In 2019, cancer is the leading cause of death in Korea, and colorectal cancer (CRC) is one of the most prevalent malignancies worldwide [1,2]. CRC is the second leading cause of cancer-related death and the third most prevalent malignancy globally . Thyroid, lung, stomach, colorectal, and breast cancer were the five most frequently diagnosed malignancies in Korea in 2019 according to statistics from the National Cancer Registration Project of the Central Cancer Registry of Korea. After stomach and lung cancer in males and breast and thyroid cancer in women, CRC is the third most frequent malignancy in both sexes . Since 1999, the incidence of CRC has been consistently rising; however, it has been slowly declining since about 2011. Both rectal and colon cancers exhibit the same incidence trend (Fig. 1). Although adenocarcinoma makes up the majority of CRC cases, neuroendocrine tumors are the most common non-adenocarcinoma . A feature worth observing is the lowering of the age of onset, and it has been observed that in industrialized nations, the prevalence of early-onset CRC in those under 50 is rising, increasing social awareness It is very obvious that CRC incidence is rising among the elderly. The growing older population in good health appears to be the cause. A national investigation on the treatment strategy for advanced CRC seems necessary given the current trend toward an aging society [1,2,4].
Overall survival (OS) rates for CRC patients in Korea are extremely high, and the relative OS rate for CRC patients is reported to be 74.3% of patients diagnosed between 2015 and 2019 . In Korea, the OS rate of CRC varies by gender, with men having a greater rate than women. The increased survival rate in men is thought to be due to the average age of CRC diagnosis being older in women than in men and the presence of more right-sided CRC in women, despite the fact that the precise mechanism is unknown [1,2,5]. Although the survival rate for CRC in stages I-III is increasing, there is still an issue because the increase in the OS rate for CRC with metastatic disease is not significant.
Advances in Colorectal Cancer Screening and Diagnosis
The cost, compliance, sensitivity, and specificity of the test, as well as other factors, are taken into account while choosing the screening test to be used. Fecal occult blood test, an immunochemical test method, is now employed in Korea as the first line screening test for national health screening. Although there is still debate regarding the accuracy of the diagnosis of polyps or CRC, the non-invasive test has the significant advantage of high compliance. There will not be any debate on the importance of colonoscopy in the timely diagnosis and treatment of precancerous lesions and early CRC. Due to the invasiveness and low compliance of the colonoscopy as a primary screening test, it is crucial to weigh this option [6,7]. Fecal occult blood testing every one to two years for asymptomatic persons aged 45 to 80 is the current CRC screening prescription in Korea, and colonoscopies are only occasionally conducted according on individual risk. The question of whether colonoscopy can be used as a primary screening test is being investigated in Korea as a pilot project, but it is still necessary to make decisions about potential complications and costs, whether the examination can be restricted based on bowel preparation, and how to assess the operator's skill. In particular, the screening test may only be used and assessed for effectiveness after extensive research and development on how to improve patient compliance.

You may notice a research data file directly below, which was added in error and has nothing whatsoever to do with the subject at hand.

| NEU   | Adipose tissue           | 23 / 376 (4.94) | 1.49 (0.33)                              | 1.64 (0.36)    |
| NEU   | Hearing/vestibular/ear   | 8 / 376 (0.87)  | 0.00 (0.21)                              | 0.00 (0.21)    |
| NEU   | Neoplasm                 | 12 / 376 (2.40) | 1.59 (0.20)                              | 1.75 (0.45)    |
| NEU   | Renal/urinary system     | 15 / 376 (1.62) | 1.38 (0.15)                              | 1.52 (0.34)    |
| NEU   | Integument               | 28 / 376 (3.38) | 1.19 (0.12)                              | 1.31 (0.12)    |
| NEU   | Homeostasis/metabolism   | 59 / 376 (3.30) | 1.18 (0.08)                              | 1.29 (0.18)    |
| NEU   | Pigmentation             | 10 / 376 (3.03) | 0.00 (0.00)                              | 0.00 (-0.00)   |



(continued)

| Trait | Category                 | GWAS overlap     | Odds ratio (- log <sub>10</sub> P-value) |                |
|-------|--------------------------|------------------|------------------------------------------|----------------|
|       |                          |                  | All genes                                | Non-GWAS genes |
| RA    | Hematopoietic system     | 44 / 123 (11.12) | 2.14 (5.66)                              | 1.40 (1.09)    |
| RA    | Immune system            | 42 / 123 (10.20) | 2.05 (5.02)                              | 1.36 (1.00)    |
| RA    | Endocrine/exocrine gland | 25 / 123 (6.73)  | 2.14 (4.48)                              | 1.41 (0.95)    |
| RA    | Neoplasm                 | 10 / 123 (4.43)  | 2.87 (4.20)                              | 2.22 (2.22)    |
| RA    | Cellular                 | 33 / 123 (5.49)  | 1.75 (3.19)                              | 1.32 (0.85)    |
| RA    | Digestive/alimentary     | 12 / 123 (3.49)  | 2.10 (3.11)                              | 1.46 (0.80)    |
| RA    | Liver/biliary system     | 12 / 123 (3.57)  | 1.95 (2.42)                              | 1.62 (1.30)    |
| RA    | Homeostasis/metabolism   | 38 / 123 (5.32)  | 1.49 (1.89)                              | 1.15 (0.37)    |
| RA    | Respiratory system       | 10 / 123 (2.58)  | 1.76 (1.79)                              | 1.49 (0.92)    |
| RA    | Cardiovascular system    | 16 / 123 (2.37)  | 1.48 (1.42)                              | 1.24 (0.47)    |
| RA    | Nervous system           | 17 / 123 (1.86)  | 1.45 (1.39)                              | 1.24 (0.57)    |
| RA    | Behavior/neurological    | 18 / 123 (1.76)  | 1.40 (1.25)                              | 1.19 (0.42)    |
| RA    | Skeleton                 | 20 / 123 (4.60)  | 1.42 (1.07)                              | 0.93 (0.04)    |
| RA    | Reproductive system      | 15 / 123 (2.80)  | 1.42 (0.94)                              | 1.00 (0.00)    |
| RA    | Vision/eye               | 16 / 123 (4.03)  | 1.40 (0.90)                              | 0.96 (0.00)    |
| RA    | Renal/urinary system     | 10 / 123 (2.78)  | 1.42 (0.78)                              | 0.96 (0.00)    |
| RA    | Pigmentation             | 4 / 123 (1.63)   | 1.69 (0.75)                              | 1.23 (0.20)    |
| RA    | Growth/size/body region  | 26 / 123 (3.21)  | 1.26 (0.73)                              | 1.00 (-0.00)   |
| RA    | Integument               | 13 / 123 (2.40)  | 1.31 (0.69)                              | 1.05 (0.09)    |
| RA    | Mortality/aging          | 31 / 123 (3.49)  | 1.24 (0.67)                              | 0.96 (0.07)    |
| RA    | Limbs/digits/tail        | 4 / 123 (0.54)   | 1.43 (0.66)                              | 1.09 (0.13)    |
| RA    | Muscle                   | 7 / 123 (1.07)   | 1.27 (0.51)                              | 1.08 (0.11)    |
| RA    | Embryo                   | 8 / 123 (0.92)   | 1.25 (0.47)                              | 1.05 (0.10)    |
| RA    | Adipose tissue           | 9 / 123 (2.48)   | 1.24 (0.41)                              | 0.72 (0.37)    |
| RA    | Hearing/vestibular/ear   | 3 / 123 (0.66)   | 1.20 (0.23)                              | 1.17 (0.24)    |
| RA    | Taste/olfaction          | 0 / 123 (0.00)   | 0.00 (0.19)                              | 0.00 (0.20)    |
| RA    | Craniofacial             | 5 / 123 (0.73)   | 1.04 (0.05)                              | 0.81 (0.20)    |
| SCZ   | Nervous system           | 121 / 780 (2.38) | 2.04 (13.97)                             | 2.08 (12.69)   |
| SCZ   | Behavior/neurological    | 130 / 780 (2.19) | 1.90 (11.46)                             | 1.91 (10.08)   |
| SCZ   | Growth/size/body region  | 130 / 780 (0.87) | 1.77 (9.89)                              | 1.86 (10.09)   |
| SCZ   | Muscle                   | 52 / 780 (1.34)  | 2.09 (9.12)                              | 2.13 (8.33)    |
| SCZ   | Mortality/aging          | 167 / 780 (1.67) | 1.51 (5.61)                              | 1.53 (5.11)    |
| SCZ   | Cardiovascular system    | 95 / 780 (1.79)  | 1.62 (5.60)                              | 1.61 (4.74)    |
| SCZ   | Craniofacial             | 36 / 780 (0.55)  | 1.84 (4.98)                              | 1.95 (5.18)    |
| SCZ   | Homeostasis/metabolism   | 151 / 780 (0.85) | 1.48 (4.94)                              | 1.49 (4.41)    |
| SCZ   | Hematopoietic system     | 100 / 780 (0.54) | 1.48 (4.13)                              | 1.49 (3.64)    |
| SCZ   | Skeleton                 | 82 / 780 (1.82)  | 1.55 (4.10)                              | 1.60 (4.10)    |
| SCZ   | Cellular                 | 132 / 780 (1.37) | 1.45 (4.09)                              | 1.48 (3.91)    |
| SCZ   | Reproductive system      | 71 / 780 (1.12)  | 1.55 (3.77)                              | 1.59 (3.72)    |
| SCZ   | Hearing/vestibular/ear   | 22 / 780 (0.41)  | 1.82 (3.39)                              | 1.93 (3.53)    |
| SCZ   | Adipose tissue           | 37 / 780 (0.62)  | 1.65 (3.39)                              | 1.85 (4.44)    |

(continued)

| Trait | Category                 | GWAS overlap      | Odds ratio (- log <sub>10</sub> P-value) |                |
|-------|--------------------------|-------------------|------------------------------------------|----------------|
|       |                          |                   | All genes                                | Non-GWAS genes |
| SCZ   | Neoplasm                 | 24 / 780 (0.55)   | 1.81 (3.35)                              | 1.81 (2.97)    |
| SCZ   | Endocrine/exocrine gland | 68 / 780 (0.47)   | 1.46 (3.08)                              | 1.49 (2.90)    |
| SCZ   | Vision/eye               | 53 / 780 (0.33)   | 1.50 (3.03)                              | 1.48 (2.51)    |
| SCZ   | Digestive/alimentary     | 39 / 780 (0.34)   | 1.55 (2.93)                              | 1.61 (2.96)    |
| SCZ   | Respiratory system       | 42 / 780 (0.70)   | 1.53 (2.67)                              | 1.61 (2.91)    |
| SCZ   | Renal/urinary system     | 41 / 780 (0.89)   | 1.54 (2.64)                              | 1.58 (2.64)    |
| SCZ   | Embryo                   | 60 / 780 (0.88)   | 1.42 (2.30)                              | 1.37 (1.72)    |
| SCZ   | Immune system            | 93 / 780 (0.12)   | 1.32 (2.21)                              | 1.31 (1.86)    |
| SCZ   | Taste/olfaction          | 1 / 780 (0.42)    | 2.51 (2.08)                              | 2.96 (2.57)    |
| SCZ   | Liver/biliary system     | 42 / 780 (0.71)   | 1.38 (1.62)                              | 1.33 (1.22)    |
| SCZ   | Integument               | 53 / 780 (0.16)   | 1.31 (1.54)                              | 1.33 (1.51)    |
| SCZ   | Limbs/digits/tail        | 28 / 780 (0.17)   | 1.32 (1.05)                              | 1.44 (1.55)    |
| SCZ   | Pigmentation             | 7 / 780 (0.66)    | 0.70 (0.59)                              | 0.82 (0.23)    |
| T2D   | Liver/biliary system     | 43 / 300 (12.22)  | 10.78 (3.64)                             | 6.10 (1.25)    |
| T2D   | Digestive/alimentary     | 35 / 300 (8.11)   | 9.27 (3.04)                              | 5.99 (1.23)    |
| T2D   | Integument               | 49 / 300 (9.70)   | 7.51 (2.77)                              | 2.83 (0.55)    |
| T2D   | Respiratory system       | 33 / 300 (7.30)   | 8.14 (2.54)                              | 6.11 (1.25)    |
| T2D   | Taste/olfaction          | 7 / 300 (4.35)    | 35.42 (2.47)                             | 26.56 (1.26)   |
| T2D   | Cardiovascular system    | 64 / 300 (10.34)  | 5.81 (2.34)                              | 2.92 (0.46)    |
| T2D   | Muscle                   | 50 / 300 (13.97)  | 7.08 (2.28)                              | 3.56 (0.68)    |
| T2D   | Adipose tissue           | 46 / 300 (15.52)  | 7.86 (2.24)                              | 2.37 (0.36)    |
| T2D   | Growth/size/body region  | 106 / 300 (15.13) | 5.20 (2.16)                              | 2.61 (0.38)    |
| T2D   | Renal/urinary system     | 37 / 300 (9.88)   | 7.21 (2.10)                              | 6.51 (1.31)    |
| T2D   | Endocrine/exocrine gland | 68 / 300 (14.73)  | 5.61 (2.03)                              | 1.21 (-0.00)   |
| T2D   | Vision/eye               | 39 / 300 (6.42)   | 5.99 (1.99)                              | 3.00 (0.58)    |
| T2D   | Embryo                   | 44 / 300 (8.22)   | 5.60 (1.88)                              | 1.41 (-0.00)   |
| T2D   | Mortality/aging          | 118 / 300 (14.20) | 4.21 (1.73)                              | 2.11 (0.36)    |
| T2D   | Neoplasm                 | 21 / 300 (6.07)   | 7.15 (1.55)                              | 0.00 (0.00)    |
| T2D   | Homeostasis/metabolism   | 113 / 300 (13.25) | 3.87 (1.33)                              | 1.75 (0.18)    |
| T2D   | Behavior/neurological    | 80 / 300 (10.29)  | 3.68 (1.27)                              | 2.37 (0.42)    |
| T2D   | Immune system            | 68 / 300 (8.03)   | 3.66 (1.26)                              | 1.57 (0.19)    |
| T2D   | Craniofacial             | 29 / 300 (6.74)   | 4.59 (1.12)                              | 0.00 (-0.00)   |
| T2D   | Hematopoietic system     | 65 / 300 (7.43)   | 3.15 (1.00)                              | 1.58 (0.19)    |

More accurate non-invasive screening methods have been developed in an effort to replace the fecal occult blood test, which is the current screening method [8–10] (Table 1). The test that seeks to identify tumor epithelial DNA in feces in order to diagnose CRC is now coming the closest to clinical application. An assay for mutant KRAS, methylation BMP3, methylated NDRG4, and a fecal immunochemical test for hemoglobin were all included in the FDA-approved multi-target fecal DNA test . In a research involving 9,989 average-risk people having colonoscopy, the multi-target fecal DNA test demonstrated better sensitivity for the diagnosis of CRC (92% vs. 74%) and advanced adenoma (42% vs. 24%) when compared with fecal immunochemical test test. In 2018, the Ministry of Food and Drug Safety in Korea approved the EarlyTect fecal DNA test (Genomic Tree, Daejun, Korea), which only examines the methylation of one gene, the syndecan-2 gene . The findings are significant since we are carrying out a prospective multicenter study with a focus on the asymptomatic general population over 60 or in the high-risk category. Due to its excellent disease prediction, non-invasiveness, and high compliance, this fecal DNA detection test is projected to be used as a screening tool. The poor identification rate of pre-cancerous lesions is a challenge; thus it is important to watch with greater skepticism what kind of outcomes will be seen in the long-term impact of CRC prevention in the future.
|Product name||Target||Sensitivity, cancer||Specificity, cancer||Sensitivity, advanced adenoma detection|
|Cologuard ||NDRG4, BMP3 DNA methylation, KRAS mutation, hemoglobin||92.3%||89.8%||42.4%|
|EarlyTect ||SDT2 methylation, hemoglobin||90.2%||90.2%||66.7%|
Changes to CRC screening are required in light of the rising incidence of CRC in people under the age of 50 [1,2,11] and the growing elderly population. Although the US Preventive Services Task Force and the Multi-Specialty Task Force currently recommend starting screening at age 50, the American Cancer Society published guidelines in 2018 with a qualified recommendation to lower the starting age for CRC screening from 50 to 45 years of age in the average-risk adult population . Few empirical studies have been conducted on the effectiveness of screening in younger, average-risk persons [13,14], and it is unknown which screening method is best for this age group.